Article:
Turkish Government Is Not Entirely Unhappy With The War In Gaza

November 9, 2023
by Enes Esen, published on 9 November 2023
Turkish Government Is Not Entirely Unhappy With The War In Gaza

The Israeli retaliation against Hamas's attacks on its territory is resulting in widespread devastation for Palestinians in Gaza. While many Western governments offer unwavering support to Israel, there is a significant public outcry in the Middle East due to the high civilian casualties. Middle Eastern governments are struggling to manage public anger and are calling for a ceasefire. Turkish leaders have also expressed their discontent with the war, primarily directed at Israel. Although the conflict in Gaza may impede Turkey's efforts to normalize relations with Israel and the West, the Turkish government also derives some benefits from the war.

First, Ankara has strongly opposed the India-Middle East-Europe Economic Corridor (IMEC), a project aimed at connecting India, the United Arab Emirates, Saudi Arabia, Jordan, Israel, and Europe through railway and port facilities. One can argue that the realization of the project is doubtful because the well-functioning sea routes make IMEC redundant. But, Ankara’s objection stems from the fact that the project excludes Turkey. In Erdoğan’s words, “There is no corridor without Turkey. The most convenient line for traffic from east to west has to pass through Turkey.”

It is understandable why Turkey was not part of the project. A chain is only as strong as its weakest link. Involving Turkey in the IMEC project implies that the corridor should go through Iran, Iraq or Syria. And the conditions in these countries are not right to transport large amounts of goods for a variety of reasons. However, this principle applies to the IMEC project as well. The latest conflict in Gaza demonstrated that the corridor between the Arab countries and Israel may not be as reliable as once thought. This is a win for Ankara.  

Second, the conflict in Gaza has revealed Turkey's discontent with the Abraham Accords, which normalized relations between several Arab countries and Israel. Turkish Foreign Minister Fidan warned his Arab counterparts that these accords are essentially a means of sidestepping the Palestinian issue. In the same interview, he went on to argue that “Israeli warmongers aim to transition from Gaza to Lebanon to confront Hezbollah and potentially even Iran in the future.” This line of reasoning considers the Abraham Accords as a prelude to war with Iran, which is not welcome by Ankara. Thus, the undermining of the Abraham Accords and Saudi Arabia's suspension of talks with Israel are a win for Fidan’s foreign policy understanding.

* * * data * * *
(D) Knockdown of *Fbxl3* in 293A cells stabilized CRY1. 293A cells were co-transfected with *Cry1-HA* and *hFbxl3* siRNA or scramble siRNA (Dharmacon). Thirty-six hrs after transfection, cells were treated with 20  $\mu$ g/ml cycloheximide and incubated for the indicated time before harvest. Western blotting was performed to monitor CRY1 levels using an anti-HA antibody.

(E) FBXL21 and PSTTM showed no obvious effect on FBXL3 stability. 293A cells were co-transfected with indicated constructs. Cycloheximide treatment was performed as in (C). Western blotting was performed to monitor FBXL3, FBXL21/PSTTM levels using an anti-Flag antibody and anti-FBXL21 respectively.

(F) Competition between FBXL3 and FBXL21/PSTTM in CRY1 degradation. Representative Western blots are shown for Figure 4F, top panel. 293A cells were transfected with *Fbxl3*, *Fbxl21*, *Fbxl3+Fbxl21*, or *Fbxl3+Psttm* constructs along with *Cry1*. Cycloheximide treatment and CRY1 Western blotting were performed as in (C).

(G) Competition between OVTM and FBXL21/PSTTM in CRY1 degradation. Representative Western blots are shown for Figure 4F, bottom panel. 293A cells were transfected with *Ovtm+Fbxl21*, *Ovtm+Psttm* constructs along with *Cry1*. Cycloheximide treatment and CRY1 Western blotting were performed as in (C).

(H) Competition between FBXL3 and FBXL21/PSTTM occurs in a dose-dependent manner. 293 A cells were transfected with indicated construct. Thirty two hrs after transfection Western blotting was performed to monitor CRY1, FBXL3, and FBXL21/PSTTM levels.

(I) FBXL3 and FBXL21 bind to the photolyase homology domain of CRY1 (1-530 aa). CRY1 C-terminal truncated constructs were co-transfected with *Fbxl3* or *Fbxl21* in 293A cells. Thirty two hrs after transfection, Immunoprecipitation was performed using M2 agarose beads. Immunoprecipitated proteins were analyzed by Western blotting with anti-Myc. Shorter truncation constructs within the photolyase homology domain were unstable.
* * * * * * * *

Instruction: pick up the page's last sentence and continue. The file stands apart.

On the other hand, the war in Gaza could be an opportunity to raise Erdoğan’s image as a peacemaker and power breaker in the region, as he did with some success in the Black Sea, where Turkey facilitated a grain deal between Ukraine and Russia. In the war in Gaza, Turkey enjoys access to both parties. It has provided shelter and support to Hamas for a long time, and it has recently normalized its relations with Israel.   

Nonetheless, President Erdoğan and President Biden have not talked about the conflict at all. When Biden flew to Israel to show unwavering US support, he planned to meet with the leaders of Jordan, Egypt and the Palestinian Authority, but not Turkey. (The meeting with the Arab leaders was called off anyway.) Nor did US Secretary of State Anthony Blinken include Turkey in its first trip to the Middle East, where he visited Israel, Jordan, Qatar, Bahrain, Saudi Arabia, the United Arab Emirates, and Egypt, some of them multiple times, to engage regional partners on efforts to help prevent the conflict from spreading. Blinken just spoke once with his Turkish counterpart on October 8 before his visit to Ankara on November 6, concluding the last leg of his second Middle East tour.

The fact that the US government and Israel have largely ignored Turkey’s pleas to offer help undoubtedly damages the Turkish government's sense of self-importance in regional politics. However, Turkey should not take it personally. What Ankara may not fully grasp is that, from the U.S. perspective, the Palestinian issue is essentially an Arab-Israeli conflict. Turkey is an outsider in this conflict, similar to many other Muslim nations. This is a squandered opportunity for Erdoğan.

If the war in Gaza drags on, none of Ankara's views will matter, and Turkey may find itself in an untenable position. On one hand, Turkey is in desperate need of normalizing its relations with Israel and the West, mostly for financial reasons. This is one of the main reasons why the AKP government in Turkey has largely restrained its responses to Israel and has been careful not to sever ties. On the other hand, due to its ideological leanings, whether it is Islamist, nationalist or leftist, the Turkish political leadership mostly sympathizes with the Palestinians. This is why Turkey has refrained from condemning Hamas, and President Erdoğan has even described Hamas fighters as liberators rather than terrorists. Wherever its sympathies lie, Turkey must act with restraint and avoid inflammatory discourse for its own sake and the sake of the reconstruction of Gaza after the war.

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